Hot Tub Ventures for Freezing Temperatures


If care and maintenance are the only things keeping you from enjoying a snowy mini-vacation in your hot tub, allow us to provide you with the play by play. You can just worry about the refreshments.

If your tub is already filled, but you’re unsure about what might be lurking in the water, the longest you can expect a total adjustment to take is a couple days. Let’s start with the basics – water chemistry, oxidization, and sanitation.

Water Chemistry

The general term water chemistry, in this case, refers to the levels of pH and alkalinity of your hot tub water. pH is a widely known measurement which tells us how acidic (low pH) or basic (high pH) water is.  If your tub is freshly filled, water comes out of your tap at a fairly decent standard  – around 7.3. The recommended pH range for pool and spa water is between 7.2 and 7.6, because within this range sanitation chemicals work to their full potential, and water feels best on your skin. Acidic water will leave you feeling itchy and prickly, while basic water will feel thick and residual after your hot tub session. Almost any test strip or kit will have a way to test alkalinity, pH’s lesser known relative. Alkalinity should be kept at a level of at least 80 parts per million (PPM), to stabilize the pH within its recommended range. A low alkalinity leaves the pH vulnerable to the environment, allowing for too much fluctuation and, in turn, poor water chemistry.

For those of you familiar with the concept of shock, the terms “shock” and “oxidizer” can be used interchangeably. The most common form of hot tub shock is potassium peroxymonosulfate at a concentration of about 32%. Our shock goes by the trade name “Energize” which will be used for the remainder of this section. Energize briefly exposes the water to a higher level of oxygen, neutralizing any residuals in the water left behind from bathing suits, skin and hair products. Left untreated, soaps, lotions and detergents can do a number on your water quality and appearance. The recommended dose of Energize is one tablespoon per person, per use. If the water looks anything besides crystal clear, Energize can be used in larger amounts at least twice a day to eliminate the issue. Energize only lasts in the water for about 15 minutes, and will not show up on most home testing kits. It will, however help with most any problem you are having with your water.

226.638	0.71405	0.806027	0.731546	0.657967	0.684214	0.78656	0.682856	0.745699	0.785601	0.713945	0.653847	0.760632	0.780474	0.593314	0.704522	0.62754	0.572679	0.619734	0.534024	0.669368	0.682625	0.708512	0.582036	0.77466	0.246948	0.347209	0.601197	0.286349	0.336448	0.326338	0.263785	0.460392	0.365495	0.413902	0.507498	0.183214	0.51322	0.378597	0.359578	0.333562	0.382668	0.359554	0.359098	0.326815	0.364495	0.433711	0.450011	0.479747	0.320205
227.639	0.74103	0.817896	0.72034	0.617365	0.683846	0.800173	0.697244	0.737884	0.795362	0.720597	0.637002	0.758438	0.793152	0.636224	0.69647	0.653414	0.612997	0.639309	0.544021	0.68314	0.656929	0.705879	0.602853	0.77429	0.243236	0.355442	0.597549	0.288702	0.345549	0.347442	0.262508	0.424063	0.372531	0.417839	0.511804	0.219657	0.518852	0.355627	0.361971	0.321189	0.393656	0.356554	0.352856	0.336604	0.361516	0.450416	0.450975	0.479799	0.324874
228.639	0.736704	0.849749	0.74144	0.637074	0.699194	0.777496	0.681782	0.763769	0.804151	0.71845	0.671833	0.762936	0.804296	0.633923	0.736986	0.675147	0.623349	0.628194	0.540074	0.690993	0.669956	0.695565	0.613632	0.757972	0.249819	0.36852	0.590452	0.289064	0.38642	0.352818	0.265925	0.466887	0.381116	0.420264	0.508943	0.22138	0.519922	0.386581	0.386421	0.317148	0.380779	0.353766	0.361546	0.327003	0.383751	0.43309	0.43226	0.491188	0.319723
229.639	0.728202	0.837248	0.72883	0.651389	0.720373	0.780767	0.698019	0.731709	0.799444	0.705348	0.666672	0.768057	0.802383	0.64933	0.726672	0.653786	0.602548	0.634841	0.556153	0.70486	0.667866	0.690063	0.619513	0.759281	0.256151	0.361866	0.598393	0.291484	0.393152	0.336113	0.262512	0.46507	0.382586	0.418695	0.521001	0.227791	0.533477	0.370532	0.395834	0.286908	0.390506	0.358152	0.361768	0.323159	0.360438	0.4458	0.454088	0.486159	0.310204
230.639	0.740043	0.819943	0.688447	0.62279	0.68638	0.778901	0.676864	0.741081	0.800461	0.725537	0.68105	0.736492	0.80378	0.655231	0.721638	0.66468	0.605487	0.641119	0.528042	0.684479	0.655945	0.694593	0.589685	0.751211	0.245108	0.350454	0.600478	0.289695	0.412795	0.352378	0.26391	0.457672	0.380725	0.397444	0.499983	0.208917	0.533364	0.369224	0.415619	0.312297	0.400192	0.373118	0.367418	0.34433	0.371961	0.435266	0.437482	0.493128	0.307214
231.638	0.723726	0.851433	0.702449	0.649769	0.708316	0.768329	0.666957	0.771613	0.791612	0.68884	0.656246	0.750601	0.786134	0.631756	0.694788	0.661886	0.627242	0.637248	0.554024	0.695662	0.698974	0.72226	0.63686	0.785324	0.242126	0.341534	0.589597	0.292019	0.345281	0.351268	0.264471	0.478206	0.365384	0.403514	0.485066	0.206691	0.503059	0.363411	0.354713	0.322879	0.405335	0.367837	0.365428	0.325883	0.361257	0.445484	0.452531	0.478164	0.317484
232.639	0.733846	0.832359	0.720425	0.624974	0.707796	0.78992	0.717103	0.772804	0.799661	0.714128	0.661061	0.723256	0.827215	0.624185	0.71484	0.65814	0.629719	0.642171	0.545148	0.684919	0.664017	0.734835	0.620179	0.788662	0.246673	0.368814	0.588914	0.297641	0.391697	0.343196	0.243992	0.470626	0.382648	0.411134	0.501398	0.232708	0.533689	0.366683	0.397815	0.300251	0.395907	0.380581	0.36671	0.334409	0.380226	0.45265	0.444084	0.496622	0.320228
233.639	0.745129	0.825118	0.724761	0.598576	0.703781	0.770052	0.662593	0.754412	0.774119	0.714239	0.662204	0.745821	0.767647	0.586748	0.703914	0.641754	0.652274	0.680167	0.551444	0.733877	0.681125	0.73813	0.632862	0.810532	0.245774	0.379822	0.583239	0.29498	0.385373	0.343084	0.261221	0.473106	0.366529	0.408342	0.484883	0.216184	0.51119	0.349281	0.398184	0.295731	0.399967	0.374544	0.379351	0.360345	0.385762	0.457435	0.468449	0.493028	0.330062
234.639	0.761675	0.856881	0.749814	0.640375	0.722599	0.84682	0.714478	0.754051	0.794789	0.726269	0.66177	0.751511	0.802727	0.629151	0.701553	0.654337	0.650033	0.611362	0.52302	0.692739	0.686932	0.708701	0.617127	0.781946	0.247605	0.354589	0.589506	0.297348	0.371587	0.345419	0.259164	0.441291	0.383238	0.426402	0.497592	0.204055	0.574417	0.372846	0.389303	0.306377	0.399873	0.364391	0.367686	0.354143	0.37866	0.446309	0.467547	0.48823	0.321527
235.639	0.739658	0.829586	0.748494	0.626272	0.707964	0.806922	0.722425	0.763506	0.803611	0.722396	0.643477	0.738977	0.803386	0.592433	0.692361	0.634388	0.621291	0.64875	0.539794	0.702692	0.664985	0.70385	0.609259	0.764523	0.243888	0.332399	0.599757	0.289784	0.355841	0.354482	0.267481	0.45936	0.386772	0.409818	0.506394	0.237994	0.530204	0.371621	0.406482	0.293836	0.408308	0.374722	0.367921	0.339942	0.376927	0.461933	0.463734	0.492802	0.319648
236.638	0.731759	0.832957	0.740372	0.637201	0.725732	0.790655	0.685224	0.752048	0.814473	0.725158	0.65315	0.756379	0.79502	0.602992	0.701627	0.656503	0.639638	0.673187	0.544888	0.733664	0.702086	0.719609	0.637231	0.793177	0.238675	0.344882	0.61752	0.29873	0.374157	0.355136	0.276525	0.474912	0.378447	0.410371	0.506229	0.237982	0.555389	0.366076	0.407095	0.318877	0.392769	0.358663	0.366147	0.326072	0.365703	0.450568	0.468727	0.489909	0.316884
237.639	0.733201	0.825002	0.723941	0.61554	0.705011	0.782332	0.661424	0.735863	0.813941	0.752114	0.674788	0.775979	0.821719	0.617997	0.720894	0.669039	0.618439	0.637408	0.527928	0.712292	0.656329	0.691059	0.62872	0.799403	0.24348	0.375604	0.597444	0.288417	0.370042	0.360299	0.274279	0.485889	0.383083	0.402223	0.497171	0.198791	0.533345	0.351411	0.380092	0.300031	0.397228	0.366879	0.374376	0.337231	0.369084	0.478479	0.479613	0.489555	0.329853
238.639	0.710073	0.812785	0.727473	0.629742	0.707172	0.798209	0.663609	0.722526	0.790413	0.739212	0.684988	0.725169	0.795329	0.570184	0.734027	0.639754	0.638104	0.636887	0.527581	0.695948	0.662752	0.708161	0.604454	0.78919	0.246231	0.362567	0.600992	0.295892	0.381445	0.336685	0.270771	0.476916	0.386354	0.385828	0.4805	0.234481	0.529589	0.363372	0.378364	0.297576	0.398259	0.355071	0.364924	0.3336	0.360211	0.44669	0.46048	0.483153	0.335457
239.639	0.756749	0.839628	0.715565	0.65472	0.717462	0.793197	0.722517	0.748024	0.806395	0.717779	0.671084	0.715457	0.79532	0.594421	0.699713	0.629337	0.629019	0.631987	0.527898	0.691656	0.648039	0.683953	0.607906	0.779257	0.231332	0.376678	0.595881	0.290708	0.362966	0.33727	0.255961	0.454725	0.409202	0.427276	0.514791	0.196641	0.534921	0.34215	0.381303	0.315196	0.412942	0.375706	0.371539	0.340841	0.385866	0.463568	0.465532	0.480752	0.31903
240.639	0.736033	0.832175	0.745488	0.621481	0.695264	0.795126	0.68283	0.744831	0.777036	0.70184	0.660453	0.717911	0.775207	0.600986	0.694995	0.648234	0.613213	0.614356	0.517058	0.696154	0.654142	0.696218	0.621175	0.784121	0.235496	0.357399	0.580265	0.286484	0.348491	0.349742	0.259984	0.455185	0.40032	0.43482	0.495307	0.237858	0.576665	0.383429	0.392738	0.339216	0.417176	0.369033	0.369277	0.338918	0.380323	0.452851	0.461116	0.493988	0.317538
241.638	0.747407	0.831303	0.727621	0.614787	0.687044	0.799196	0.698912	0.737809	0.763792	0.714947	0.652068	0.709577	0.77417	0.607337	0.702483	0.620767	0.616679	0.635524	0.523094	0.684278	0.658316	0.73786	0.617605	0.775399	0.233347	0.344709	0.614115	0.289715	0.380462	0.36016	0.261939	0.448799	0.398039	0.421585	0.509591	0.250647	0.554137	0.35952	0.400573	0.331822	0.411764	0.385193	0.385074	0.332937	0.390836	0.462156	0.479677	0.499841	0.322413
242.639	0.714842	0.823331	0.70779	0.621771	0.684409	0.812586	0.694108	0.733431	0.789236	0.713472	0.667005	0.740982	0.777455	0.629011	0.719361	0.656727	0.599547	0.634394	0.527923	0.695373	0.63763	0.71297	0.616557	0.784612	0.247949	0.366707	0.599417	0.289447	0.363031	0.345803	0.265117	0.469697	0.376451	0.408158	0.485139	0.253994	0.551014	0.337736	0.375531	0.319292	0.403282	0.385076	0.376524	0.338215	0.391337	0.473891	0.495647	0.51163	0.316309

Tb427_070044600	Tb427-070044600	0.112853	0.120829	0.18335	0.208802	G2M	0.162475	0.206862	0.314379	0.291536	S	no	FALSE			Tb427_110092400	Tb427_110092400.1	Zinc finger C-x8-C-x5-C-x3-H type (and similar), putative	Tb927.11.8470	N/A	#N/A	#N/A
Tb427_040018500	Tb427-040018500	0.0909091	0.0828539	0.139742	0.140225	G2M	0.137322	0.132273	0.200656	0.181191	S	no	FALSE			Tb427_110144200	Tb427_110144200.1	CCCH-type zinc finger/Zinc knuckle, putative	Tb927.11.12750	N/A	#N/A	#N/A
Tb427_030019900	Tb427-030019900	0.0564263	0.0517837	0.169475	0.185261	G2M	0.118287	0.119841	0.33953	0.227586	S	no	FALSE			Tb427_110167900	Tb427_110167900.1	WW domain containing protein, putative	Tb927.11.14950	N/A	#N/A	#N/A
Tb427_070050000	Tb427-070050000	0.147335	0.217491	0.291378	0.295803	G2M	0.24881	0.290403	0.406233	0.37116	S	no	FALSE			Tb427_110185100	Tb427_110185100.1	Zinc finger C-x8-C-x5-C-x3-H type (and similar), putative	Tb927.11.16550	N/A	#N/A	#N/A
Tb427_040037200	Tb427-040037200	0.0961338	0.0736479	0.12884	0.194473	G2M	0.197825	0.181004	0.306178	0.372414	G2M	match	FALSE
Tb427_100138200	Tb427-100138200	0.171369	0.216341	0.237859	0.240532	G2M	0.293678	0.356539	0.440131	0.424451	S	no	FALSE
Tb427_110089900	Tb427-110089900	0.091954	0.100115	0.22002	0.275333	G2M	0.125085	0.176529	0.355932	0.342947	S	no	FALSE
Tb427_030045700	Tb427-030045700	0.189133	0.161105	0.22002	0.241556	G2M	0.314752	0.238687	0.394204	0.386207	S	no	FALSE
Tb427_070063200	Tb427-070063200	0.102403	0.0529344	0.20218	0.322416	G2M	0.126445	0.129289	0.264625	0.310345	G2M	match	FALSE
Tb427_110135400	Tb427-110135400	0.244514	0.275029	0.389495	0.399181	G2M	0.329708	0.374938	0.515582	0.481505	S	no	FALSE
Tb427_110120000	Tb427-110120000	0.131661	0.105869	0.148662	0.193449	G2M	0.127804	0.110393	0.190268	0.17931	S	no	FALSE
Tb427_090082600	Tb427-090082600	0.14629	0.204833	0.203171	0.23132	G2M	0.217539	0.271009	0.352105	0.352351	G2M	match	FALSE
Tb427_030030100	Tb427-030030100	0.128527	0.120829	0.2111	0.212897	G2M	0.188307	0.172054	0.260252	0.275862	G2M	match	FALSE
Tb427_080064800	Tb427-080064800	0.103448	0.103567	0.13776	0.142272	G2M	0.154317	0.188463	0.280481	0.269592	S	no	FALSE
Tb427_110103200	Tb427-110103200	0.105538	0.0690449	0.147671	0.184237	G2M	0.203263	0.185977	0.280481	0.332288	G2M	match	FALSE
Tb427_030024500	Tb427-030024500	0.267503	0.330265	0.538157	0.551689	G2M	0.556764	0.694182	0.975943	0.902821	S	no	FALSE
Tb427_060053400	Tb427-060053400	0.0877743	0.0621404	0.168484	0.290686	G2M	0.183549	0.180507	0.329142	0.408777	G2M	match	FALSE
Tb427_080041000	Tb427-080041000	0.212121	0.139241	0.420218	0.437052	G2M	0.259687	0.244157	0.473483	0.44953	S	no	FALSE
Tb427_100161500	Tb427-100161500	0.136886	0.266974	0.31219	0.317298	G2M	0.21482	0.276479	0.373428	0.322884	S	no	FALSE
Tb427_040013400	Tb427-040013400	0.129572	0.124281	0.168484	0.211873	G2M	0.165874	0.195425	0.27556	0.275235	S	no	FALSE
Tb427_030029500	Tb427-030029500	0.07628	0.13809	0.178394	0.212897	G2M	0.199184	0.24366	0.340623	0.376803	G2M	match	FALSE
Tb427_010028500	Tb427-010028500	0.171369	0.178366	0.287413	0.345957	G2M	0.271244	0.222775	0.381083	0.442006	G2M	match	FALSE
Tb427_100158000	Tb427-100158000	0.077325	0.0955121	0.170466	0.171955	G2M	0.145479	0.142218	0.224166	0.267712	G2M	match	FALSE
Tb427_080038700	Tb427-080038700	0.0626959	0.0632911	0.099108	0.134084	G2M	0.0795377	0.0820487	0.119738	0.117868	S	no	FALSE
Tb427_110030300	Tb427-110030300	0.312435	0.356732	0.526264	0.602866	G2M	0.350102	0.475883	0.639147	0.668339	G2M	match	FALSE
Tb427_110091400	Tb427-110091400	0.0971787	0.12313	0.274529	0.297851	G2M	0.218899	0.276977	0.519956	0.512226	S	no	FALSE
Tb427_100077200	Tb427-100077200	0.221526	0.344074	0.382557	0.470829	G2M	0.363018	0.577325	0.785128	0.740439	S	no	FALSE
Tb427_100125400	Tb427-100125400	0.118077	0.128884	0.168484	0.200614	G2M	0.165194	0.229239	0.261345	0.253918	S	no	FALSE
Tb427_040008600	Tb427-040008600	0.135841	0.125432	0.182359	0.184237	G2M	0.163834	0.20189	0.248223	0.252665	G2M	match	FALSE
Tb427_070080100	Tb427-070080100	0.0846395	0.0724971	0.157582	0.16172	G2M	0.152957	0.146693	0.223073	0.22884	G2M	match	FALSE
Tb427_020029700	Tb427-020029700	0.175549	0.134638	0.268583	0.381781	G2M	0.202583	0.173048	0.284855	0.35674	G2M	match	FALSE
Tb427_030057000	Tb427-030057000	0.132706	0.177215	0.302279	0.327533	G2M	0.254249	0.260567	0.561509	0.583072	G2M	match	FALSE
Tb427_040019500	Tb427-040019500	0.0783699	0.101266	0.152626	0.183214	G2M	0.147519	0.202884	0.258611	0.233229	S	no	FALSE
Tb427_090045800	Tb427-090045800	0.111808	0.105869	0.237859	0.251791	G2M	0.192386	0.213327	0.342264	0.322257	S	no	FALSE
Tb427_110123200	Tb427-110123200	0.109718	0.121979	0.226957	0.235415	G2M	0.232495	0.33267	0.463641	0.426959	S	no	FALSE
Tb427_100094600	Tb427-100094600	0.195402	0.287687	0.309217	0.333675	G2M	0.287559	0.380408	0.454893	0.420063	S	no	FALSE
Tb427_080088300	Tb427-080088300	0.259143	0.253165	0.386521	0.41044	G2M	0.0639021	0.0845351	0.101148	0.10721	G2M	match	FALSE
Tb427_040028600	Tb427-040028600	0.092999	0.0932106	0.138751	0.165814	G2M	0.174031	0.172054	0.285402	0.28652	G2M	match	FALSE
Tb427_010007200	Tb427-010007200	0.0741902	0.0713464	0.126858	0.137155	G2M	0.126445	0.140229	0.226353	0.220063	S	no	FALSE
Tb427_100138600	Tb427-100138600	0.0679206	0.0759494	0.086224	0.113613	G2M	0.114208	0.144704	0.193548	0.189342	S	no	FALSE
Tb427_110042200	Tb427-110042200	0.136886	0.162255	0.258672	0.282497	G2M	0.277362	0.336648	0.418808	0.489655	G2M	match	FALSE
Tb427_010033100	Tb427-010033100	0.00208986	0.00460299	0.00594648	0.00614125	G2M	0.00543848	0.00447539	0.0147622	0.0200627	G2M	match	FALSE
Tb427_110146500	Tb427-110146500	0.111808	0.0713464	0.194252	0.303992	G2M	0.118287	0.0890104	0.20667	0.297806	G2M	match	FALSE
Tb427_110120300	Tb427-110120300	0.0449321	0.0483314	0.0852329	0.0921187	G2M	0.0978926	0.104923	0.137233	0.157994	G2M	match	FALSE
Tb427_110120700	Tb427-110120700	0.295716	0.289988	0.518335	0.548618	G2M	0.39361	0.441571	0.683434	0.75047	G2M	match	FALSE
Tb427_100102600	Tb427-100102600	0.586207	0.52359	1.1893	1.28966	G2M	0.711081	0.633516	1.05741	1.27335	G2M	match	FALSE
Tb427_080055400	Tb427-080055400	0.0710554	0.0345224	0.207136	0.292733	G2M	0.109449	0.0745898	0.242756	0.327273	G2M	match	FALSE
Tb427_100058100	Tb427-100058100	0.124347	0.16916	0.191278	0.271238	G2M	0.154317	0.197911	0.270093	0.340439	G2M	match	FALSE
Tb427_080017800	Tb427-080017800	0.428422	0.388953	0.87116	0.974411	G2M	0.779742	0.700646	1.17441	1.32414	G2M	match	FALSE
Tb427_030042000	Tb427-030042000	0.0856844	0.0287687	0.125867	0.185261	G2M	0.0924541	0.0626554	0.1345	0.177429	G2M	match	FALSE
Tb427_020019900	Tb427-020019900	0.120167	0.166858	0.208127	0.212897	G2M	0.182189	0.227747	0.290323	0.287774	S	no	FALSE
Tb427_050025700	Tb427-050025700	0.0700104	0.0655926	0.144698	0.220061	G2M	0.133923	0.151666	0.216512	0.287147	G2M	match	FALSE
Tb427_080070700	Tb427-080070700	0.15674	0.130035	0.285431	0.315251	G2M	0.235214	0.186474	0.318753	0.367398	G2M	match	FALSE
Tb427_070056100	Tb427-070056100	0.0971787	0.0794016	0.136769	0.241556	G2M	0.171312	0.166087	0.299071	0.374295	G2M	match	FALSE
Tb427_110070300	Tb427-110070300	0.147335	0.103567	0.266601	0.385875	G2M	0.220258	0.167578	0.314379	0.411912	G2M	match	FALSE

Plant growth in water is just as natural as in soil, but in a contained, heated environment the process can be sped up exponentially. Sanitizers such as chlorine or bromine will create an unsafe growing environment for plants that is not harmful to humans in monitored amounts. The most common form of sanitizer is chlorine, which should be kept at a level between one and three PPM. Bromine should remain a little higher at somewhere between three and five PPM. The difference between these two options are negligible as far as performance – bromine is simply an alternative for those who have an aversion or allergy to chlorine. Application can be a large dose once a week or in smaller doses about three times a week. A large dose of chlorine would be about an ounce and a small dose is around a teaspoon. For bromine, a small dose would measure 2 liquid ounces, a larger one around 6 oz. Keep in mind, this is subjective because all bodies of water will react to the chemicals a little differently. Check the label on your container of sanitizer for dosage amount for your size hot tub. Do NOT use the hot tub within 4 hours of applying sanitizer since contact with undissolved chemical can be irritating to the skin. Sanitizers should be constantly present within the recommended ranges. Test your water regularly to see how long your water will retain its level of sanitizer.
Keep track of these three main areas of concern and your water will never, yes, NEVER give you any unsuspected issues.
Please return to our blog for more information on new products, maintenance strategies and all things pool and spa!

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